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Government Pension Fund Global Guidelines for Observation and Exclusion

25 October 2018

Letter sent to the Ministry of Finance, 25 October 2018

We refer to the Ministry’s letter of 28 June 2018 following up Report to the Storting No. 13 (2017-2018) “The Government Pension Fund 2018”. In its letter, the Ministry refers to the Storting’s consideration of the white paper, the Standing Committee on Finance and Economic Affairs’ Recommendation 270 S (2017-2018), and the Storting’s resolution concerning the coal criterion in the Guidelines for Observation and Exclusion: “The Storting asks the Government to present an assessment in next year’s white paper on the Government Pension Fund Global of whether the current criteria for the exclusion of coal companies from the GPFG are adequate with a view to excluding companies with significant coal-related operations”. The Ministry also refers to the Storting’s resolution concerning gambling companies in the fund: “The Storting asks the Government to explore the basis for divesting the Government Pension Fund Global (GPFG) from gambling companies with a view to an assessment in connection with the annual white paper on the fund”, cf. the Standing Committee on Family and Cultural Affairs’ Recommendation 242 S (2017-2018).

The Ministry asks Norges Bank to describe its work on assessing the observation and exclusion of companies under the coal criterion. The Bank is also asked to describe the extent of coal-related operations at companies excluded or placed under observation under this criterion and, as far as is possible, at the other companies in the fund. Finally, the Bank is asked to report the extent of gambling companies in the fund’s benchmark index and describe their operations, including differences between the companies.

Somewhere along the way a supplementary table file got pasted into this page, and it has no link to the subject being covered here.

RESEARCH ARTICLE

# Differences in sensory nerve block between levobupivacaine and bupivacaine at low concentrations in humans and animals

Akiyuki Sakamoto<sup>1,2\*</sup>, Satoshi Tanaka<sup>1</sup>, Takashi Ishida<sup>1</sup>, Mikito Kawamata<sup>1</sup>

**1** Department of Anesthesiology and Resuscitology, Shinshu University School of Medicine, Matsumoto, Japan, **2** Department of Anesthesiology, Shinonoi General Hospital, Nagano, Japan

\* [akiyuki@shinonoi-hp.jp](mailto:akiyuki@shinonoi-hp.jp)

The coal criterion in the Guidelines for Observation and Exclusion

The product-based coal criterion came about as a result of the Standing Committee on Finance and Economic Affairs’ comments in Recommendation No. 290 S (2014-2015) and the consideration of the National Budget for 2016, where the Storting endorsed the Ministry’s proposals for how the criterion could be operationalised. The Ministry introduced the coal criterion with effect from 1 February 2016.

The criterion states that mining companies and power producers which themselves or through entities they control derive 30 percent or more of their revenue from thermal coal, or base 30 percent or more of their operations on thermal coal, may be excluded from the fund. Besides a company’s current share of revenue or operations based on thermal coal, our assessment is required to attach importance to forward-looking assessments, including any plans to reduce the share of revenue or operations based on thermal coal and/or increase the share of revenue or operations based on renewable energy sources.

The Guidelines state that observation may be decided on “when there is doubt as to whether the conditions for exclusion are met or as to future developments, or where observation is deemed appropriate for other reasons”. Observation is a relevant option in situations where companies are considered to exceed the relevant thresholds, but where we have information on stated plans, initiatives or other material factors that make it likely that the company will fall below the thresholds within a reasonable period of time. Examples of such plans, initiatives and other factors include:

  • Planned or recent purchases or sales of companies and assets
  • Publicly communicated plans to shut down, start up or alter production capacity
  • Droughts, accidents and other special events that may have affected the fuel mix

Work on the coal criterion at Norges Bank

After the criterion was introduced in 2016, Norges Bank established a process for identifying companies covered by it and preparing recommendations on observation and exclusion for consideration by its Executive Board.

The first step was to identify a universe of companies for further data collection and analysis. We began by taking the most relevant sectors in the Industry Classification Benchmark (ICB).1We also used other sources of information to identify further relevant companies. This enabled the relevant universe to be whittled down from the full 9,000 or so companies in the fund to 417 companies. Of these, 216 were selected for more detailed review.